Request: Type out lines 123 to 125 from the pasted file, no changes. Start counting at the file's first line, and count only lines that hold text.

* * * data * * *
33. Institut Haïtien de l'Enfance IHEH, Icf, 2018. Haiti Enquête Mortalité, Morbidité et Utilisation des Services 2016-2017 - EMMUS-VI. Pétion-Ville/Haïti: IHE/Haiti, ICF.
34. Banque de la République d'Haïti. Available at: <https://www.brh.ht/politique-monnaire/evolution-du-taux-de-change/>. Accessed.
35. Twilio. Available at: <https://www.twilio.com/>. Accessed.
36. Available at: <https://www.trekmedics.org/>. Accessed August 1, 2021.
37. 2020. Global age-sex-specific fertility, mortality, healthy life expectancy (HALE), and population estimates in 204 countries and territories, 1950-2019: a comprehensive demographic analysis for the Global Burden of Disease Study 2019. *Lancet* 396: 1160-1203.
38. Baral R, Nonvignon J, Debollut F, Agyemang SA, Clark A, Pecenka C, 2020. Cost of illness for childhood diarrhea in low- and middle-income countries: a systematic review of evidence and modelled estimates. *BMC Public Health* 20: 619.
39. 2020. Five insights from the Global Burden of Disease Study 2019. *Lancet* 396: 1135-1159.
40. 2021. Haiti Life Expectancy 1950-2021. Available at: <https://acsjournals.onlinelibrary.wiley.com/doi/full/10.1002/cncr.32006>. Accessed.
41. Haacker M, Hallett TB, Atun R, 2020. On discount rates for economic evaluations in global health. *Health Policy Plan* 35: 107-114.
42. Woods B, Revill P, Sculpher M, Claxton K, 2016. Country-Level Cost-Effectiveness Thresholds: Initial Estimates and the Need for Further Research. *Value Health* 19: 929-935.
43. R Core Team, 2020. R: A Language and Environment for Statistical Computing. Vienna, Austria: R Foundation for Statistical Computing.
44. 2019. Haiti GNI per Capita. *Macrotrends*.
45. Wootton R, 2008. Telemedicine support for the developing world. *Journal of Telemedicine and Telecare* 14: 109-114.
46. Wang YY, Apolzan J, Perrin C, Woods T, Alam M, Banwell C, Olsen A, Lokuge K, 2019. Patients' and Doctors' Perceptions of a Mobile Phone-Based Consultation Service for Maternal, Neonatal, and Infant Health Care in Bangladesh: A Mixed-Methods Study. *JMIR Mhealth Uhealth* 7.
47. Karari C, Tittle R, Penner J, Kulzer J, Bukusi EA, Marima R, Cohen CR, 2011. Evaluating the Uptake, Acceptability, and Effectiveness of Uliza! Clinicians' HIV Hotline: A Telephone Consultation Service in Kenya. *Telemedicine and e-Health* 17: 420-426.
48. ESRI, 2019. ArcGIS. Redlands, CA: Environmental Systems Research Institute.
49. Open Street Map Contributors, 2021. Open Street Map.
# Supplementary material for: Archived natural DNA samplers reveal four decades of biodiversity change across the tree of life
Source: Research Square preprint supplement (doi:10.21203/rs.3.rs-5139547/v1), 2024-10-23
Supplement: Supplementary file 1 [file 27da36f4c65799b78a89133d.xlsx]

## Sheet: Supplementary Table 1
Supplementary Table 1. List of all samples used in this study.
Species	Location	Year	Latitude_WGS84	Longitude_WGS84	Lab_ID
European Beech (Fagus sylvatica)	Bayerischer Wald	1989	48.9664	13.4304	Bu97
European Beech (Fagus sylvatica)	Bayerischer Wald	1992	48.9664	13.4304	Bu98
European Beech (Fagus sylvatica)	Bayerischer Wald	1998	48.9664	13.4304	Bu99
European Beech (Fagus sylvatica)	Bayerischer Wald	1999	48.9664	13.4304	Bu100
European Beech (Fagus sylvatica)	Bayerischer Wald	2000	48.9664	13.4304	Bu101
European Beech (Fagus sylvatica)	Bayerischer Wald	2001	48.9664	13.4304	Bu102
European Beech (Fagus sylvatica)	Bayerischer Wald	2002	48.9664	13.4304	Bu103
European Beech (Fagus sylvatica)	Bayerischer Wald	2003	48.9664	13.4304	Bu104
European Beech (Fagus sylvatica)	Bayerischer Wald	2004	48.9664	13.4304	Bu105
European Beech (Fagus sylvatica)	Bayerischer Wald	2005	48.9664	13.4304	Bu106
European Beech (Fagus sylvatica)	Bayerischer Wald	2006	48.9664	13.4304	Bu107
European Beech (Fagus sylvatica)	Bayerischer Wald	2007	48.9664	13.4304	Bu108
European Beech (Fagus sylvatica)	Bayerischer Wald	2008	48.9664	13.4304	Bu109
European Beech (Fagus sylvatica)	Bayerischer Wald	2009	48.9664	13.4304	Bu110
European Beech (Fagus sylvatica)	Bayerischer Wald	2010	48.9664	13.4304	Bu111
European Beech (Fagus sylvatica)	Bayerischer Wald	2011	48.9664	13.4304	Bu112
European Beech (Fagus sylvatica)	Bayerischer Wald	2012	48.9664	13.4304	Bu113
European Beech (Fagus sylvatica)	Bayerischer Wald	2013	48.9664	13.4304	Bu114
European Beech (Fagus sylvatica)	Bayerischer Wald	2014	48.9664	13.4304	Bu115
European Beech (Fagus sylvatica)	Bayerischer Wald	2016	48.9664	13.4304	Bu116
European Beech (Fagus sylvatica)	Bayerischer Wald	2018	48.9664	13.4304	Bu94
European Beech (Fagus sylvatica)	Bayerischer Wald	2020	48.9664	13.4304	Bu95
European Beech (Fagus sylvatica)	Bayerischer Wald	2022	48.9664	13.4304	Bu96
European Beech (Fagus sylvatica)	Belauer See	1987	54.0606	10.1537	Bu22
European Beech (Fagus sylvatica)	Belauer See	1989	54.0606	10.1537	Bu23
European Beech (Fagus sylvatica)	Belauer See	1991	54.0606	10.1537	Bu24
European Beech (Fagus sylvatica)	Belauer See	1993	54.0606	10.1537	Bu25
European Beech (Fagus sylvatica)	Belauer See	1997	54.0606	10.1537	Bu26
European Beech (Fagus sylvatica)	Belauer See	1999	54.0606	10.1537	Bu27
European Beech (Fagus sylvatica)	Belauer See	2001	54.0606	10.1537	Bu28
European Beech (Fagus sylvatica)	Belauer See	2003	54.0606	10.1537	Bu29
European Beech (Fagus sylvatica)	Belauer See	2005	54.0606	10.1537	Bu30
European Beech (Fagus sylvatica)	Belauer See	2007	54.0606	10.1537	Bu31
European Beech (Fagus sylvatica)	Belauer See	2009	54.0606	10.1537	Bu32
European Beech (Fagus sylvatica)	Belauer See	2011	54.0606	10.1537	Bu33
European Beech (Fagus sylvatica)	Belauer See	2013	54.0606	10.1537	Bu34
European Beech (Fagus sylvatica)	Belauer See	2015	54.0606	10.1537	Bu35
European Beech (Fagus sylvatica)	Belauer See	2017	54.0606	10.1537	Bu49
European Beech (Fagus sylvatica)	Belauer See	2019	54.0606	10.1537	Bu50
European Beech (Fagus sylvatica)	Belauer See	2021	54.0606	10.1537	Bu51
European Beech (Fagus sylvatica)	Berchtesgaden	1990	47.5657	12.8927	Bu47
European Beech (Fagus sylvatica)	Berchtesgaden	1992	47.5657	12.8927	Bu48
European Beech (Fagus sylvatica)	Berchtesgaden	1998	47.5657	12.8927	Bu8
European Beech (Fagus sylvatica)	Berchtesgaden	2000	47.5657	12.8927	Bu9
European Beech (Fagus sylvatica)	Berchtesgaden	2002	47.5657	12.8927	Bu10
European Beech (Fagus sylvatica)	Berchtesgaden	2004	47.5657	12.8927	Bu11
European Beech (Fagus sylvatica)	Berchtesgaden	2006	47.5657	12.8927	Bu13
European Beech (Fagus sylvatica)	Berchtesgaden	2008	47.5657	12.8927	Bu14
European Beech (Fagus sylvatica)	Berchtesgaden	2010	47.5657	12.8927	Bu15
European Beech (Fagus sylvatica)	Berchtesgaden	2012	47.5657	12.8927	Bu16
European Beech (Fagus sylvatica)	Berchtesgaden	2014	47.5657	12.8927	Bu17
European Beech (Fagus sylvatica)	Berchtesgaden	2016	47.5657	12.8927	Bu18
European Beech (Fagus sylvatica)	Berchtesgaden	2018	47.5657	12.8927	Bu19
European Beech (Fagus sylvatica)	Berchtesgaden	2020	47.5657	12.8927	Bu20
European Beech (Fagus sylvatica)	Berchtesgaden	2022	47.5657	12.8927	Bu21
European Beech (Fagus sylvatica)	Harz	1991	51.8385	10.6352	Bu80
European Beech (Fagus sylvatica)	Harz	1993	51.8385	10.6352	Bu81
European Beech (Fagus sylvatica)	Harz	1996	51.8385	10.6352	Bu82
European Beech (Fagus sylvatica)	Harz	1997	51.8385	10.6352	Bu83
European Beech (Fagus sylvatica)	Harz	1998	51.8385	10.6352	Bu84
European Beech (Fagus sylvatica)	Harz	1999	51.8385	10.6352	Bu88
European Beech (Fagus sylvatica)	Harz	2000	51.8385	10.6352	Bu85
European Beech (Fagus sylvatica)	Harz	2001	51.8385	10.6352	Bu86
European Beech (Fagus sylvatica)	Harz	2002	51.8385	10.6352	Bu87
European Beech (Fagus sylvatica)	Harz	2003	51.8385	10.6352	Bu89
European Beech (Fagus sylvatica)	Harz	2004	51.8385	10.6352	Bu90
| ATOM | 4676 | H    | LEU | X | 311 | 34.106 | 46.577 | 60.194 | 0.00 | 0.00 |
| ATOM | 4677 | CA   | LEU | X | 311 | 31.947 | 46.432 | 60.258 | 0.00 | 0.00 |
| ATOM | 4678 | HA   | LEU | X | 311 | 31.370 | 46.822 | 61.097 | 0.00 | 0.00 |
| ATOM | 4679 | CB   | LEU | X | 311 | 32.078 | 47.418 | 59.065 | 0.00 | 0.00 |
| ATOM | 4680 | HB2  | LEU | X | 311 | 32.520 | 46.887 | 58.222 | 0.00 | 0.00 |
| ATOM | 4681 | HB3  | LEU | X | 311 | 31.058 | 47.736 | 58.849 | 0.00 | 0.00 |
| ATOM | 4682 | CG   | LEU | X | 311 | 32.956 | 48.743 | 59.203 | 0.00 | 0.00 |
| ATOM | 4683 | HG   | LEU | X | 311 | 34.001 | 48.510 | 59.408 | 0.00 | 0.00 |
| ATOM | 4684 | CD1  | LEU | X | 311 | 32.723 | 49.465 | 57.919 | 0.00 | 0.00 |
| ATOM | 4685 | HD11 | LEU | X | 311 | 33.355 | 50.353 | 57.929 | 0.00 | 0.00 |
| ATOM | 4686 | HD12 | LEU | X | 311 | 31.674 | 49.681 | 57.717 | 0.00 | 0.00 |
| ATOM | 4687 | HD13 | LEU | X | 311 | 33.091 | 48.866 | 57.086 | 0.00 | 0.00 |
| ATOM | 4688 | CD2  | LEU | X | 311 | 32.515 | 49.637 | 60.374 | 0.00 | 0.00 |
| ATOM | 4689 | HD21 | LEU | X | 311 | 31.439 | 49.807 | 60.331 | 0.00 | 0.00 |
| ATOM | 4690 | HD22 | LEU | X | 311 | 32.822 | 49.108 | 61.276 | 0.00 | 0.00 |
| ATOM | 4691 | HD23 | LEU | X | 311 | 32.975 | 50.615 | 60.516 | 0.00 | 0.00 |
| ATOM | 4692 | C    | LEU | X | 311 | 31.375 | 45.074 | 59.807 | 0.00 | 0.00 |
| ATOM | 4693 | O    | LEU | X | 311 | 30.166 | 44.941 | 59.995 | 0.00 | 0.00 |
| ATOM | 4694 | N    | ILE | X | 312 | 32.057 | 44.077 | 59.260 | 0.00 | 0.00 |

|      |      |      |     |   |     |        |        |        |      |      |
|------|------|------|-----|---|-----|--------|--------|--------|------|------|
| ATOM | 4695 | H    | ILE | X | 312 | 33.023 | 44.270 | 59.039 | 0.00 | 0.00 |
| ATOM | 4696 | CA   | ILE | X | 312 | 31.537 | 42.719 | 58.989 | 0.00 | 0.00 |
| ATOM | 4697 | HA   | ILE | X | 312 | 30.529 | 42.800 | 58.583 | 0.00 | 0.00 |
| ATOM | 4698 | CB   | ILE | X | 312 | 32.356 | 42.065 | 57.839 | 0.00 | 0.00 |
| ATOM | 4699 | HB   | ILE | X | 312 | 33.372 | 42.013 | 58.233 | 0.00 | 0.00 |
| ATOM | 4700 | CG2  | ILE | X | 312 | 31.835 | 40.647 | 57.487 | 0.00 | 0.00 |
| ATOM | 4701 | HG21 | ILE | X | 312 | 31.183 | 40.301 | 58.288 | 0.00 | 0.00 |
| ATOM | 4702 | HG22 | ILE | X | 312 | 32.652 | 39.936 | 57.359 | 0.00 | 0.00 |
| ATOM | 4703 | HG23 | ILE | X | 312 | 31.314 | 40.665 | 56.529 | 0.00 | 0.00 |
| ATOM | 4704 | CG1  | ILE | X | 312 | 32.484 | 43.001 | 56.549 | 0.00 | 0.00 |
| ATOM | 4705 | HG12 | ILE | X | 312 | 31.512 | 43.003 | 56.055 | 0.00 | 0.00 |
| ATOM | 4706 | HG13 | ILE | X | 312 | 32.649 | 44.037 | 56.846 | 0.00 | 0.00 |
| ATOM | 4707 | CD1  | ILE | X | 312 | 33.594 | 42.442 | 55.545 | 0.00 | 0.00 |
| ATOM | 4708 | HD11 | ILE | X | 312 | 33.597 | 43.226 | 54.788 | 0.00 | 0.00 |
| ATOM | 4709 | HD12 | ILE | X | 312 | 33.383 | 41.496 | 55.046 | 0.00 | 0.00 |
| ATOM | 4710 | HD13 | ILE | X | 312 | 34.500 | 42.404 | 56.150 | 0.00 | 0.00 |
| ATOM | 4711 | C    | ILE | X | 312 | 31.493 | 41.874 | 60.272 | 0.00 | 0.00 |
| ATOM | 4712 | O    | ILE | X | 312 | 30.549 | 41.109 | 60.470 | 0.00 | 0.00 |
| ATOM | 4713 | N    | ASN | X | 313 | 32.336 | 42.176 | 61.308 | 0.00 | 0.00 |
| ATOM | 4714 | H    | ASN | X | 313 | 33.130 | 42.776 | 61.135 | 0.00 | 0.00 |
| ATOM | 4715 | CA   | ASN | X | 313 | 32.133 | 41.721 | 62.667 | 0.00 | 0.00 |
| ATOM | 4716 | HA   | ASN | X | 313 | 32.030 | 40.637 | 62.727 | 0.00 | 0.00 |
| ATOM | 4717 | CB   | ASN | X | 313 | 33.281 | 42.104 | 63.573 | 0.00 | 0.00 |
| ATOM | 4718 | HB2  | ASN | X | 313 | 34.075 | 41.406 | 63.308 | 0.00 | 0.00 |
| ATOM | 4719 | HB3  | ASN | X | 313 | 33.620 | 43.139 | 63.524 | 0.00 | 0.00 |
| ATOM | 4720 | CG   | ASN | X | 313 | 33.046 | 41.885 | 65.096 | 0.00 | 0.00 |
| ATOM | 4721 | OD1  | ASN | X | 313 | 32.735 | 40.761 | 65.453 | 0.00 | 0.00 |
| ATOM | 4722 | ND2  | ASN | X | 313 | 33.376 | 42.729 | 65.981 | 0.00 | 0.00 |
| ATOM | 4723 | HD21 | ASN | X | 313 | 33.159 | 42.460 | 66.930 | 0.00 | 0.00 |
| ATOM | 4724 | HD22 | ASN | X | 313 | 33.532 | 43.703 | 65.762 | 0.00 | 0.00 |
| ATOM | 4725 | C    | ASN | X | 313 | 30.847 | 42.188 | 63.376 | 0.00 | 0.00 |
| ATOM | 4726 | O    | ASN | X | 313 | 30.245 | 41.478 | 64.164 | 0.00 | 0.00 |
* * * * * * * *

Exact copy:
| ATOM | 4707 | CD1  | ILE | X | 312 | 33.594 | 42.442 | 55.545 | 0.00 | 0.00 |
| ATOM | 4708 | HD11 | ILE | X | 312 | 33.597 | 43.226 | 54.788 | 0.00 | 0.00 |
| ATOM | 4709 | HD12 | ILE | X | 312 | 33.383 | 41.496 | 55.046 | 0.00 | 0.00 |